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A NT Hapax...

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A NT Hapax...

Postby Barry Hofstetter » Wed May 23, 2018 3:54 pm

Spending some time in the Colloquia of the Hermeneumata Pseudodositheana, found another use of a NT hapax:

ἆρον, ἕψησον ἐπιμελῶς τὰ προσφάγια.

"Take this, cook the relish/food carefully."

The Latin (the language being taught in the manuscript) renders:

Tolle, coque diligenter pulmentaria.

Now compare John 21:5:

Παιδία, μή τι προσφάγιον ἔχετε;

And then Jerome's rendering of the text:

pueri numquid pulmentarium habetis?

BDAG and Moulton-Milligan have good articles on the use of this word.
N.E. Barry Hofstetter
The Jack M. Barrack Hebrew Academy
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Re: A NT Hapax...

Postby ἑκηβόλος » Fri Jun 01, 2018 3:25 am

Even though Barry's pulmentaria are now a week old, I may still be able to sit down to this thread.

Assuming the existence of a φάγιον, being a variant of φάγημα*, reading προσφάγιον as two words is also sensible. That possible use of πρὸς with ἔχειν is almost paralleled in 1 Corinthians 14:26 Τί οὖν ἐστίν, ἀδελφοί; Ὅταν συνέρχησθε, ἕκαστος ὑμῶν ψαλμὸν ἔχει, διδαχὴν ἔχει, γλῶσσαν ἔχει, ἀποκάλυψιν ἔχει, ἑρμηνείαν ἔχει. Πάντα πρὸς οἰκοδομὴν γινέσθω. The Corinthians have many things and the apostle wants what they have to be for edification.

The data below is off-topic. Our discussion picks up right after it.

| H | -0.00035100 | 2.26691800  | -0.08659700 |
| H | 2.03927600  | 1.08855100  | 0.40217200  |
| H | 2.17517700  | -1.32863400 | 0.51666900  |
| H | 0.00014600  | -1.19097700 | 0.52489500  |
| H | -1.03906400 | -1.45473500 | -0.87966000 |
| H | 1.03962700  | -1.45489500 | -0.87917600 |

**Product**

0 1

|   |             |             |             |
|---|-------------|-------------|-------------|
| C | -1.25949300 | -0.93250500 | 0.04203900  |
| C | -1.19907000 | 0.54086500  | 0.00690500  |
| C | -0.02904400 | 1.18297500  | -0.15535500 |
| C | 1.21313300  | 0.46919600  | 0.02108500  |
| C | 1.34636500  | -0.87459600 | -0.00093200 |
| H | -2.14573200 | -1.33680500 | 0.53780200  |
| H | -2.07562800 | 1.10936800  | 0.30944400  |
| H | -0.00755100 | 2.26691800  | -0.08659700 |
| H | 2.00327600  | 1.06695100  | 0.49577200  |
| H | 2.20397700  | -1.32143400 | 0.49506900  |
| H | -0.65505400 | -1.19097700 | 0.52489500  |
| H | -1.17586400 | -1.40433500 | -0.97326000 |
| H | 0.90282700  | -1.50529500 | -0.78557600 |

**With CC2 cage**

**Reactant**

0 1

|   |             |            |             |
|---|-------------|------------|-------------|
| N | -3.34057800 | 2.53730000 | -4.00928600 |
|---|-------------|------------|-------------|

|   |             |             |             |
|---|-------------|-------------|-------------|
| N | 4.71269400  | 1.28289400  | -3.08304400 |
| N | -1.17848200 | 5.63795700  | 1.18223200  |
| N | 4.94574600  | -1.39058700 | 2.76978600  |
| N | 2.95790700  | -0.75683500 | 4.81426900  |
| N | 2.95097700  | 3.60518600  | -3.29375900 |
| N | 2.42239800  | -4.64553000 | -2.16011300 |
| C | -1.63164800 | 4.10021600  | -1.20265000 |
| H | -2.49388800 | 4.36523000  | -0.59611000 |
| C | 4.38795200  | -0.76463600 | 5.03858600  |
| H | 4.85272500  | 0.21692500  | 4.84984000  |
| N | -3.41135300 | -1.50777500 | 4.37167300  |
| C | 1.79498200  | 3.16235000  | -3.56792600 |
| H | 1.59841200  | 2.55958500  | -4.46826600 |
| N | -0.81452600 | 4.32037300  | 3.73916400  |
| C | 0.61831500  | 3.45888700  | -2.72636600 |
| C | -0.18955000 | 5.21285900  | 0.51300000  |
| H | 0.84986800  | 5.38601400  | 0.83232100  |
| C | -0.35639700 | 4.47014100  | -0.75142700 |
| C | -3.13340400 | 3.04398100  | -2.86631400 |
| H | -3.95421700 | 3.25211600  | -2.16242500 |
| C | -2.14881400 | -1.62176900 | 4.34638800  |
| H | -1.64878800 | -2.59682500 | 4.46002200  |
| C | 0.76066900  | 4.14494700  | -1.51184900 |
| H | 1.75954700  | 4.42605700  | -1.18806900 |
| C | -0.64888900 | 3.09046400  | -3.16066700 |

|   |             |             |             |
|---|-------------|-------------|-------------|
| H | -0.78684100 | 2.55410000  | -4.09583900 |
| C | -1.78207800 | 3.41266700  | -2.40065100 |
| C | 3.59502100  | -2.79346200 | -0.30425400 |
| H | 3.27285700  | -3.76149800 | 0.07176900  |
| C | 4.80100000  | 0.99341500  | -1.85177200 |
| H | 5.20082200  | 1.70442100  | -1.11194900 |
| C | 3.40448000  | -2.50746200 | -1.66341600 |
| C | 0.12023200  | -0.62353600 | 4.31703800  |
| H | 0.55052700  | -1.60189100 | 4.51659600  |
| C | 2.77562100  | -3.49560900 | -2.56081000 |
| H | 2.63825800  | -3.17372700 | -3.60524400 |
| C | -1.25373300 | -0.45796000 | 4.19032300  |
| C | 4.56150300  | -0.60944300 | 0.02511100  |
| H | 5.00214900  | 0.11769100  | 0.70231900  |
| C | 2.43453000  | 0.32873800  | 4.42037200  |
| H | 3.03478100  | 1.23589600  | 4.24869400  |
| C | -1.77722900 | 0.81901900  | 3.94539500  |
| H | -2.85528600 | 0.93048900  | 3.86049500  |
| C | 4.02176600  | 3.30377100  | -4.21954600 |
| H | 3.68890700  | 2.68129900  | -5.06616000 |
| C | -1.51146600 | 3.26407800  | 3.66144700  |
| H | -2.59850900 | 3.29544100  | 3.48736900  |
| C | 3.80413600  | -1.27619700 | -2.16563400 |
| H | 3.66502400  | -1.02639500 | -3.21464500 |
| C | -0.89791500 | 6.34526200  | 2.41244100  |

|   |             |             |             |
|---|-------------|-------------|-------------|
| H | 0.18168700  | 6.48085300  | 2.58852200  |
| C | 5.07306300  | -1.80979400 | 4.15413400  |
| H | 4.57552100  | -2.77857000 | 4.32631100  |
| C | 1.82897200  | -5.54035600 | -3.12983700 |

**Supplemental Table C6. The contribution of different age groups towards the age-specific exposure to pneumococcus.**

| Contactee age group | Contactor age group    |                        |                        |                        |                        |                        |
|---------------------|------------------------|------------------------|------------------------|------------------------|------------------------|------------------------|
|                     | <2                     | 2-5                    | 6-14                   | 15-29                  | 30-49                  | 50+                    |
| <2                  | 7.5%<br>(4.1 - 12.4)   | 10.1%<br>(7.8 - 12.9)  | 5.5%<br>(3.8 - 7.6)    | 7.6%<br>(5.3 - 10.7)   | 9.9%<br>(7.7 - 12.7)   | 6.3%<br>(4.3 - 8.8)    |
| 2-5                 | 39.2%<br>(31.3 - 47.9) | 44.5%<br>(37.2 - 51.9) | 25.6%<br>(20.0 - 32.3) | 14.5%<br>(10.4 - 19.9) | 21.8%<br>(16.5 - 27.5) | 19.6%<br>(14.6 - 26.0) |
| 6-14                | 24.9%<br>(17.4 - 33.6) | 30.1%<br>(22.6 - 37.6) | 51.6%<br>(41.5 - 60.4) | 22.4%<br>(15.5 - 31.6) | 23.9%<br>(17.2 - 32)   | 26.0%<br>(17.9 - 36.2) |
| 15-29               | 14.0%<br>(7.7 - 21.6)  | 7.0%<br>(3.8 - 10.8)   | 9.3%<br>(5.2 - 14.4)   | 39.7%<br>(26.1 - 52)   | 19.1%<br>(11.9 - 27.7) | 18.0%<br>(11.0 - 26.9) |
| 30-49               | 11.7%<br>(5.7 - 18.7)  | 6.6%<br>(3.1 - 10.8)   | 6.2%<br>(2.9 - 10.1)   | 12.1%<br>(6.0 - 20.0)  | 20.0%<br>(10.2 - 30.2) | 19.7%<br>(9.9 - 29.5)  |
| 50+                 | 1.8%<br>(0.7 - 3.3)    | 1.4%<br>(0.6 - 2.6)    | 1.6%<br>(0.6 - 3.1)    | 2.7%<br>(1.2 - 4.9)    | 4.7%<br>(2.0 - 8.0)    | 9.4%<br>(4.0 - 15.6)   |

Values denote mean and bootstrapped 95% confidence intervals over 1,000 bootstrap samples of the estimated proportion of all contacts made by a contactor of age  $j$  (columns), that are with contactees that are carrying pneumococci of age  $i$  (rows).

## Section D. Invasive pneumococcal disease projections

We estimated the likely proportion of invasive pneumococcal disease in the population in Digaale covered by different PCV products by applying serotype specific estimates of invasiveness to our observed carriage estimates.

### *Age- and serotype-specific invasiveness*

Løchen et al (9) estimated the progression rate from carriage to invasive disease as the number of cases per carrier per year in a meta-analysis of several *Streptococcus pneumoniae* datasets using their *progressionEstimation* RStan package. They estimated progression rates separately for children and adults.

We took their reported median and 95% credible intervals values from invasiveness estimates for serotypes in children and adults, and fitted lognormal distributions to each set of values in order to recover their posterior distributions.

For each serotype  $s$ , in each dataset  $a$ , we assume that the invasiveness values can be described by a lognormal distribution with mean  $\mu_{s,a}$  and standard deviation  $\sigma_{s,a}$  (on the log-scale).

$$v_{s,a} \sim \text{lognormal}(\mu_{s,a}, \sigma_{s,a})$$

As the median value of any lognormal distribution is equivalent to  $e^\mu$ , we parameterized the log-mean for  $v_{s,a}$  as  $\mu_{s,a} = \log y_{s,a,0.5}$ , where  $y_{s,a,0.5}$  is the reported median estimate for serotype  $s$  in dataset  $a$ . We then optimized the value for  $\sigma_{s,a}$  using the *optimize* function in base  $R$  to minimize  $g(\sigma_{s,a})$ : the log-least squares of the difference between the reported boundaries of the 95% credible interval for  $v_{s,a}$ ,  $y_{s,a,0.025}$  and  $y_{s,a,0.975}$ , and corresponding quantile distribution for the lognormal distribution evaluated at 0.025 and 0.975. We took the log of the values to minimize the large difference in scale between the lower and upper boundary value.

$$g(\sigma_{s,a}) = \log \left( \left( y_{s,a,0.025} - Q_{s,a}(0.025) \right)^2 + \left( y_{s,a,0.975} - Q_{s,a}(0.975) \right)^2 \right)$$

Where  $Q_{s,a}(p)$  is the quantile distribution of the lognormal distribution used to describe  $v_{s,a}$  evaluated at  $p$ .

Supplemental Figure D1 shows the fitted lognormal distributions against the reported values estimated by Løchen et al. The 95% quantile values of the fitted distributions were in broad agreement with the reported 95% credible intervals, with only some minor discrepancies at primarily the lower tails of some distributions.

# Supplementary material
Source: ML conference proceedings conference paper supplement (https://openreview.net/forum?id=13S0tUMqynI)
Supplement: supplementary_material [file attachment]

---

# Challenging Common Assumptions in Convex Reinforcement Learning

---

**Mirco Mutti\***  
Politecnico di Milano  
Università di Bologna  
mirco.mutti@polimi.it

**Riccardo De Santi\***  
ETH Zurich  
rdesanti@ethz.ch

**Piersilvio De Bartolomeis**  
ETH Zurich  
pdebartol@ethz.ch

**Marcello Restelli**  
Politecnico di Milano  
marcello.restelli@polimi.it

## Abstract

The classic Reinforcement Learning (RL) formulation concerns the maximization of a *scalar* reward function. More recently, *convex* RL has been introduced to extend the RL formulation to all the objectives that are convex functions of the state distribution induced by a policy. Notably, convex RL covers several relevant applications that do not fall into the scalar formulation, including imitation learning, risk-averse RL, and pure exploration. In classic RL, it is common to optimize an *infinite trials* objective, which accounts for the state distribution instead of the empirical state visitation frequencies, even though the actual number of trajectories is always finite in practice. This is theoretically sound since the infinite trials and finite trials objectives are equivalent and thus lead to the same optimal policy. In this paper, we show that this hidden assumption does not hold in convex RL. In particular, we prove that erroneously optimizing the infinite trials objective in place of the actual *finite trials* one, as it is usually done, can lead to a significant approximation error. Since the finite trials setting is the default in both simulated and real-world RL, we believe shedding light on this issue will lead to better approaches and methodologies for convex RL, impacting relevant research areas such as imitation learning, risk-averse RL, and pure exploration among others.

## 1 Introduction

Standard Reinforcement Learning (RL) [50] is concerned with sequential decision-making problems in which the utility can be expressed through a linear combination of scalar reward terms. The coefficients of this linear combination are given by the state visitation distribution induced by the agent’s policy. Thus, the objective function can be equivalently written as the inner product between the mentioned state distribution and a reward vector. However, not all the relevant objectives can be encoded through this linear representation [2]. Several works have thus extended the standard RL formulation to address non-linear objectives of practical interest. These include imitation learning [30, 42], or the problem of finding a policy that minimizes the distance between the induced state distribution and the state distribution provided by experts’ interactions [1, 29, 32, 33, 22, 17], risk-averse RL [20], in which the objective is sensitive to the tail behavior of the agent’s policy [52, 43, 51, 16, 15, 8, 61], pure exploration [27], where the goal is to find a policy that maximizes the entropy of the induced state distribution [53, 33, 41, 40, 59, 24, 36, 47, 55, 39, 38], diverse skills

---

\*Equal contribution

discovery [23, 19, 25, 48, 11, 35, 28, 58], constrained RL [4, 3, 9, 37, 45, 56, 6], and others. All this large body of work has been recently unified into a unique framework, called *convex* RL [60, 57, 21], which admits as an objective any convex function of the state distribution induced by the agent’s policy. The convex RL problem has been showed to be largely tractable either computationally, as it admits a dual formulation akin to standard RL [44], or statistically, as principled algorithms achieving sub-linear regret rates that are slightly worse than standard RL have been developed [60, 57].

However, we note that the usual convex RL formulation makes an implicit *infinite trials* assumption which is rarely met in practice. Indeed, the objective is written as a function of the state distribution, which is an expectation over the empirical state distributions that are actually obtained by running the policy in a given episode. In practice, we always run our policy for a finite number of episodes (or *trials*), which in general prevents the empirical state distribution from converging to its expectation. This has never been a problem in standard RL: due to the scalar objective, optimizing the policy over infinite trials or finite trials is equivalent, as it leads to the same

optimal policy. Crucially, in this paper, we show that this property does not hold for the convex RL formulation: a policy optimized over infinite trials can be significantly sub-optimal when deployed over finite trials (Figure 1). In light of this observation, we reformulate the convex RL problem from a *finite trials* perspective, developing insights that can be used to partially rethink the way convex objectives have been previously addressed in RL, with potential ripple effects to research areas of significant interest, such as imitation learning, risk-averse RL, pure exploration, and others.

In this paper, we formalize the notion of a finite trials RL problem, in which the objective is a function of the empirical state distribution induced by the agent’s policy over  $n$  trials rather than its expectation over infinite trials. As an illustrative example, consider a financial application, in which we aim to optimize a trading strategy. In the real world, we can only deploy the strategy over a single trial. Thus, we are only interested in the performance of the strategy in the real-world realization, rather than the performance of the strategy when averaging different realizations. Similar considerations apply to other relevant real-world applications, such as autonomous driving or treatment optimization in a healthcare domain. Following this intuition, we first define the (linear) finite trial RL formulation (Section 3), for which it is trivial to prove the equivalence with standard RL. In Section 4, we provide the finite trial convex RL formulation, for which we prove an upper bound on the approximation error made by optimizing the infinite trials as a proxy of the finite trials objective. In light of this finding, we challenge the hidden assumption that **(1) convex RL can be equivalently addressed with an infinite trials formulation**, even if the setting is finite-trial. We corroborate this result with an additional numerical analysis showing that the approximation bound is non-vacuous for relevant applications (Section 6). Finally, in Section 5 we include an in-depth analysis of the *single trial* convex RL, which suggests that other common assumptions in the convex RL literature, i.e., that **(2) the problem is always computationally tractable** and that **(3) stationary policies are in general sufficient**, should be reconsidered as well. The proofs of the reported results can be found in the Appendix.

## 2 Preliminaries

An example of where the adverbial phrase with πρὸς has been substantivised is quoted below. The first (Indian) Dionysus, is described by Lacus Curtius in part as follows:
Lacus Curtius 3.63.3 wrote:φασι ... πρῶτον τοῦτον ... καὶ καθόλου τὰ πρὸς τὴν συγκομιδὴν καὶ παράθεσιν τούτων τῶν καρπῶν ἐπινοῆσαι.
Although that παράθεσις is translated as storage, I wonder if it is not actually talking about food preparation - getting food ready to set on the table as dishes. During the few months I spent on the sub-continent, fresh (ripe) fruit that was left around for more than a few days invariably got soft turned some shade of black. Perhaps, however, we just lacked the ancient Dionysius' know how.

Reading προσφάγιον as two words has Jesus asking if they have anything at all ready to eat. Finding out that they don't have anything, he cooks both bread and fish.

*In regard to the LSJ reference under φάγημα, PMag.Berol.1.23. is not available digitally on ddbdp, but is accessible at the Universitätsbibliothek Heidelberg.
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Re: A NT Hapax...

Postby Barry Hofstetter » Fri Jun 01, 2018 11:54 am

φάγημα [φᾰ], ατος, τό, food, victuals, Anon.ap.Suid., Demetr.Sceps.ap.Ath.3.91d, PMag.Berol.1.23.

Liddell, H. G., Scott, R., Jones, H. S., & McKenzie, R. (1996). A Greek-English lexicon (p. 1911). Oxford: Clarendon Press.

προσφάγιον, ου, τό (fr. φαγεῖν, not to be confused w. the homograph derived fr. προσφάζω ‘sacrifice beforehand’; ‘a relish’ eaten w. bread [Proverbia Aesopi 98 P. πρ. beside ἄρτος; POxy 498, 33; 39 ἄρτον ἕνα καὶ προσφάγιον; 736, 46; 89; 739, 7; 10; 12; 14; BGU 916, 22; PGrenf II, 77, 21; OGI 484, 26. Acc. to Moeris and Hesychius it = ὄψον. But the latter word, as well as its dim. ὀψάριον (q.v.), oft. simply = ‘fish’]) fish (to eat) μή τι προσφάγιον ἔχετε; you have no fish to eat, have you? or did you catch anything to eat? J 21:5 (the narrative context contrasts the disciples’ lack of success in providing a meal with the Lord’s role as chef, vss. 9–13).—DELG s.v. φαγεῖν. M-M.

Arndt, W., Danker, F. W., Bauer, W., & Gingrich, F. W. (2000). A Greek-English lexicon of the New Testament and other early Christian literature (3rd ed., p. 886). Chicago: University of Chicago Press.



προσφάγιον 4371